I've only just started with Erlang and am enjoying it quite a bit - other than wondering if this is another one of those flash-in-the-pan languages. Even if Erlang is not long lived, I think that something like Erlang is where computing is destined to go. The reason being that even our supercomputers seem to have moved away from big iron and into the cluster world. Erlang fits onto clusters more naturally than anything I've yet experienced and that includes MPI and PVM. The reason is that Erlang provides the infrastructure for running an awe inspiring number of "processes" in a multi-machine environment. Or on one machine if that's your preference. Process is in quote marks above because each process runs in an erlang VM instead of as a process/thread in the operating system.
The thing that really amazes me about Erlang is how easy it is to design and build stuff that is fault tolerant and that scales unbelievably. It really is beautiful. I'm kinda wondering if Erlang is the destined to be the "glue language" for clusters.
As for direct usefulness of the book... I've read chapters: 1 Intro; 2 Erlang Basics; 3 Sequential Erlang; 4 Concurrent Programming; and 11 Distributed Programming. In that order. It was a few hours of reading and fiddling around and now I'm somewhat dangerously able to use the language for what I want. Gotta read those other chapters though.
So, why read the chapters? It's because the writing is honest and applicable. Kind of like the bit in Chapter 2 (I think) where the author says you should mess around with something error prone in the shell now because the next time it'll be buried deep in some module and be difficult to isolate. Now that's practical. I bet that OTP chapter will keep me from reinventing some wheels too.
The days of using one programming language are behind us, yes it use to be C, then C++, then Java, but the age of Domain Specific Languages is upon us. So what Domain does Erlang help us with? Well Erlang powers Facebook Chat servicing 1 Billion messages per day, it powers Jabber one of the top Instant Messaging protocols and it boasts some of the most highly available systems in the world. We are using it for several of the key messaging components in our Video on Demand platform, if you have a cable set top box and Video on Demand you might be using Erlang ;) It is absolutely excellent for highly concurrent networked systems.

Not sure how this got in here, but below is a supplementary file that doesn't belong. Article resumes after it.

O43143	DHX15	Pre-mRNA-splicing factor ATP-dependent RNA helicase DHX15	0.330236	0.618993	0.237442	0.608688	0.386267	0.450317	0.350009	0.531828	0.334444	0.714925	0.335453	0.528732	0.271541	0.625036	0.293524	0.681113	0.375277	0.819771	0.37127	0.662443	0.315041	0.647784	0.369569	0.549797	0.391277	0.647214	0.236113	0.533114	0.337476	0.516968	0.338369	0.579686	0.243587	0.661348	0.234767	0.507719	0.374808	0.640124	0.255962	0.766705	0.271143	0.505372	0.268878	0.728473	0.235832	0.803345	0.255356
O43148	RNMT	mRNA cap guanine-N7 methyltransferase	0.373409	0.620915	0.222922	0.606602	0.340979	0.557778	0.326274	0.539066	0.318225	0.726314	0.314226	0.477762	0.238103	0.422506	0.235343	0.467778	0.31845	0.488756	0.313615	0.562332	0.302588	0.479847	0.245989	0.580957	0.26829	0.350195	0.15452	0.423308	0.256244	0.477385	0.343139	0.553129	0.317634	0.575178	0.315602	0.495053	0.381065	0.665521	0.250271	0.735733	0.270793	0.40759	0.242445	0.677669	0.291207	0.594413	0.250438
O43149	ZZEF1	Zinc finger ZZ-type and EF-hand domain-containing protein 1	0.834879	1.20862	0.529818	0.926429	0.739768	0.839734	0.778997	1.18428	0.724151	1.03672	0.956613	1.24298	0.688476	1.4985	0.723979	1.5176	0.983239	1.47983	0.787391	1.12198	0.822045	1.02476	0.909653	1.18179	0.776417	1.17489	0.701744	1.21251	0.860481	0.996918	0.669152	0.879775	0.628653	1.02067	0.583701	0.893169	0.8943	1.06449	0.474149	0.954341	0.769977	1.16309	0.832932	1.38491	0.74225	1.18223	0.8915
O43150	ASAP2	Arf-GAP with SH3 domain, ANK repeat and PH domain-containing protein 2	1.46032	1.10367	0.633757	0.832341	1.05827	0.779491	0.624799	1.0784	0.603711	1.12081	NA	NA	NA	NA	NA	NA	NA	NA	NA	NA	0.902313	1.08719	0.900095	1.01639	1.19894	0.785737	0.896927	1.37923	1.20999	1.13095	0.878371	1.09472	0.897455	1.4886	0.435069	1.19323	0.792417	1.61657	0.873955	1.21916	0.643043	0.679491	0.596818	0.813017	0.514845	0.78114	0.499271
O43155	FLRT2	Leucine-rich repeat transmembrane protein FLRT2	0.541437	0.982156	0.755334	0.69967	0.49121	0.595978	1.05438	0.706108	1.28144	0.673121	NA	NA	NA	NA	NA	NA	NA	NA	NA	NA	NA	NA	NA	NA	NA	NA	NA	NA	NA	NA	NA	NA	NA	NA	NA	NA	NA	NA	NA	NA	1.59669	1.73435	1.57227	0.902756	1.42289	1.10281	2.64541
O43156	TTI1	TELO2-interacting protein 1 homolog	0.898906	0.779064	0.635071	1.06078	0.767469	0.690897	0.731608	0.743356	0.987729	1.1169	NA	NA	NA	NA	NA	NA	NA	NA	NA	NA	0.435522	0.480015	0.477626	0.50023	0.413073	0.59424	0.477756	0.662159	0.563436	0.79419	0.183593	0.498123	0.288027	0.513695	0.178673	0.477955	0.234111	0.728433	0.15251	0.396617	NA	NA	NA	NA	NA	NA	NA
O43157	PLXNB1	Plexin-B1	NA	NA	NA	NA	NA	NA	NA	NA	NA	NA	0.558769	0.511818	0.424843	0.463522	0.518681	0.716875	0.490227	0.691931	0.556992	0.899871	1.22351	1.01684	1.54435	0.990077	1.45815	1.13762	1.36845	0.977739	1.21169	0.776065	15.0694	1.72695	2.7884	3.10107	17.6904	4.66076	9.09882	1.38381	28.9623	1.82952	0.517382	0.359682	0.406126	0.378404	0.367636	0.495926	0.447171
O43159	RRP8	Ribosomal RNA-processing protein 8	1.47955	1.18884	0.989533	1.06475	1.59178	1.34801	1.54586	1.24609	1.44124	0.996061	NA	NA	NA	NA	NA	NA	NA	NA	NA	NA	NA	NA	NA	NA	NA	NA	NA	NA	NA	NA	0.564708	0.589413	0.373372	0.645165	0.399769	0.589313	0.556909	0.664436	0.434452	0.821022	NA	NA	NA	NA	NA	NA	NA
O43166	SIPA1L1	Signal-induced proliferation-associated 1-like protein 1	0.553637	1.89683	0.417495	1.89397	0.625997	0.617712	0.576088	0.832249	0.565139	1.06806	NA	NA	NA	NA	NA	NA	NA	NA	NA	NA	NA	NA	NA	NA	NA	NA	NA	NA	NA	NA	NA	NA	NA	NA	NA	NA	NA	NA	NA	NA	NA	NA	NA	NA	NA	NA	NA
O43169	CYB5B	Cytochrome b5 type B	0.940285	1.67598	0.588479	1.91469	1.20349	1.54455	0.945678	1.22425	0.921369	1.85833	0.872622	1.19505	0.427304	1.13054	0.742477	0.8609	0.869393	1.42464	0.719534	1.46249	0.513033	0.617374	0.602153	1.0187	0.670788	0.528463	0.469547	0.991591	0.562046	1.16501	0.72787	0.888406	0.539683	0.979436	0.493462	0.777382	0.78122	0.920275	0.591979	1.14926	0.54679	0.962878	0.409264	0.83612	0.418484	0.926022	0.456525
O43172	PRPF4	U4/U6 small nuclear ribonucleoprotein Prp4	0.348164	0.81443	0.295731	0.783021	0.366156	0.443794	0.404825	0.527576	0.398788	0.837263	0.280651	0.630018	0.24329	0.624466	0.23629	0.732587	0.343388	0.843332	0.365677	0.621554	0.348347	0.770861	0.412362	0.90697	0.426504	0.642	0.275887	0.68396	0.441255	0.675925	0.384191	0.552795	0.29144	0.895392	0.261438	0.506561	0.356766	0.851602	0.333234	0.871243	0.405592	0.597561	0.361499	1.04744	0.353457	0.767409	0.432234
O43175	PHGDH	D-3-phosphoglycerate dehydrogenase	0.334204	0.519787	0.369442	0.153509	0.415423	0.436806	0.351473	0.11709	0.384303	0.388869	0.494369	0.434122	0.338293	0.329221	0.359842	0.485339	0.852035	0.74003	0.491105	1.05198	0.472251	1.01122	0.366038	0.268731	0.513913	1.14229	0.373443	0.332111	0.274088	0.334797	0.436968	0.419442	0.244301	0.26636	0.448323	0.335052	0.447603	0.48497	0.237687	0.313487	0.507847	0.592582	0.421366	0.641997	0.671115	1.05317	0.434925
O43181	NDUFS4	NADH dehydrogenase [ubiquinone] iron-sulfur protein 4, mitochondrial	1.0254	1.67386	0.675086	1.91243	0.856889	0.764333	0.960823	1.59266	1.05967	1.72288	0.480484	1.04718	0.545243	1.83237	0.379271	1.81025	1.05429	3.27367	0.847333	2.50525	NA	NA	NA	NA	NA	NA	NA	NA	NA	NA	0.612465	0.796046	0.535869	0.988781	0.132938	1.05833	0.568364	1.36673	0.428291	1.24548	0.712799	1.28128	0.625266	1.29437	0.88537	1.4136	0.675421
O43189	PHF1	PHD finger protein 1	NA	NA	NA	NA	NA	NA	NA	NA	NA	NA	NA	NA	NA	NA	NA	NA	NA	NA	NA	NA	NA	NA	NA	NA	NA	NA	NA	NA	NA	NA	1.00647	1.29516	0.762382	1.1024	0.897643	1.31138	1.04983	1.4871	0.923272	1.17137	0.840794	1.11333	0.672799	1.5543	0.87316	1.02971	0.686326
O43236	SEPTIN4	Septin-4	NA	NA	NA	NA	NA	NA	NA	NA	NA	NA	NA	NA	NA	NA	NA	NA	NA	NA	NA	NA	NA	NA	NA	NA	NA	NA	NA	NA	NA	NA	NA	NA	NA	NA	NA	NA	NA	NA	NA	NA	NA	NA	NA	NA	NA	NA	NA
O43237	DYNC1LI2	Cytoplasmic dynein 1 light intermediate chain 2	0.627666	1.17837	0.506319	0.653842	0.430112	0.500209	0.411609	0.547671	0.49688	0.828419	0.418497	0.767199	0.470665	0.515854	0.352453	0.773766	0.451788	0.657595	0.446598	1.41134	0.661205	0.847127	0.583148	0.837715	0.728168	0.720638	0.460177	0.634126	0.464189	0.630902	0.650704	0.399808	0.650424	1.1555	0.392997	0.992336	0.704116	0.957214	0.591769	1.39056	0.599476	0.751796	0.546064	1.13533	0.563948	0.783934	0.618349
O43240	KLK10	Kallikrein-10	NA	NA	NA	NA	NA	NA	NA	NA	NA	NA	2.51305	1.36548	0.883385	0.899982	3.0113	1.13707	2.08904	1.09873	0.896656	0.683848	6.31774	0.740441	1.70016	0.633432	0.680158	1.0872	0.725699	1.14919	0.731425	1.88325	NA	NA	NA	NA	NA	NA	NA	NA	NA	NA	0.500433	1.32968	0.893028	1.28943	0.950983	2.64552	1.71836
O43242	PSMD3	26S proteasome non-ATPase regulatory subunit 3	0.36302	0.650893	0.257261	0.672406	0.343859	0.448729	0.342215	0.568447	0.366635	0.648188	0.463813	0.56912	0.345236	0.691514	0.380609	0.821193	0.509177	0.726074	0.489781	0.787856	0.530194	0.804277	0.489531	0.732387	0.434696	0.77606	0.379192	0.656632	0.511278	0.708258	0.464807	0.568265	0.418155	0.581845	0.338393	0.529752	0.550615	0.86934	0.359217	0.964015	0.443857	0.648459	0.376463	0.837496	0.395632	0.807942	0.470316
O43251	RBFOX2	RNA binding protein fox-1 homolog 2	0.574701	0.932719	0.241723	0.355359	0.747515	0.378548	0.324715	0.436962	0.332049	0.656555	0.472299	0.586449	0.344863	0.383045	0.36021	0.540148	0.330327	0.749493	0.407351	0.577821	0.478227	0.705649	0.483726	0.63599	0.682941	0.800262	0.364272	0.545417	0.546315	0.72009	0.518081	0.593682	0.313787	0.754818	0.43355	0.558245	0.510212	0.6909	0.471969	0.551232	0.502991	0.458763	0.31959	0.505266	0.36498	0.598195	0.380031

Functional programming is something of a mind warp, it's hard to learn when coming from a procedural language background like most of us (C/C++/Java developers) but it's well worth spending the time to add Erlang to your tool kit. By reading this book, Joe's book and watching the Erlang Videos from Pragmatic Programmers I was able to start developing Erlang Applications. After that I would recommend looking at the source code for things like Mochiweb, RabbitMQ, Riak, etc to see how the masters do it.
I would also learn a Object Oriented Scripting language like Ruby (1st choice) or Python (2nd choice), with one of these languages and Erlang under your belt you will be able to develop Enterprise applications with ease. Then you can stop battling J2EE Containers, JPA, EJB, etc and get some real work done!
Erlang is different, and without a good source of information about, it could be very hard to understand; this is why I choose "Erlang Programming". In fact this book is born from 2 persons that well know the argument, and are familiar with its explanation.
Francesco Cesarini uses it from about 1994 when he was studying at Uppsala University, and he is the founder of the leading company about Erlang in the world today and most of all, he is very very active in the Erlang Community.
Simon Thompson is a professor at Kent University and he has taught Logic and Computation for about twenty years, writing some other books, and leading his team in the developement of Wrangler, a refactoring tool for Erlang.
Erlang Programming will guide you in every Erlang aspects, giving you some good advices on how to design systems in the right way so that you will be able to use Erlang's key features to get the best from them.
I'm on chapter three cause of reading when I have spare time. This book is great and very in depth. If you don't understand it one way, there generally is more than one way to get it your brain. Much easier than I expected.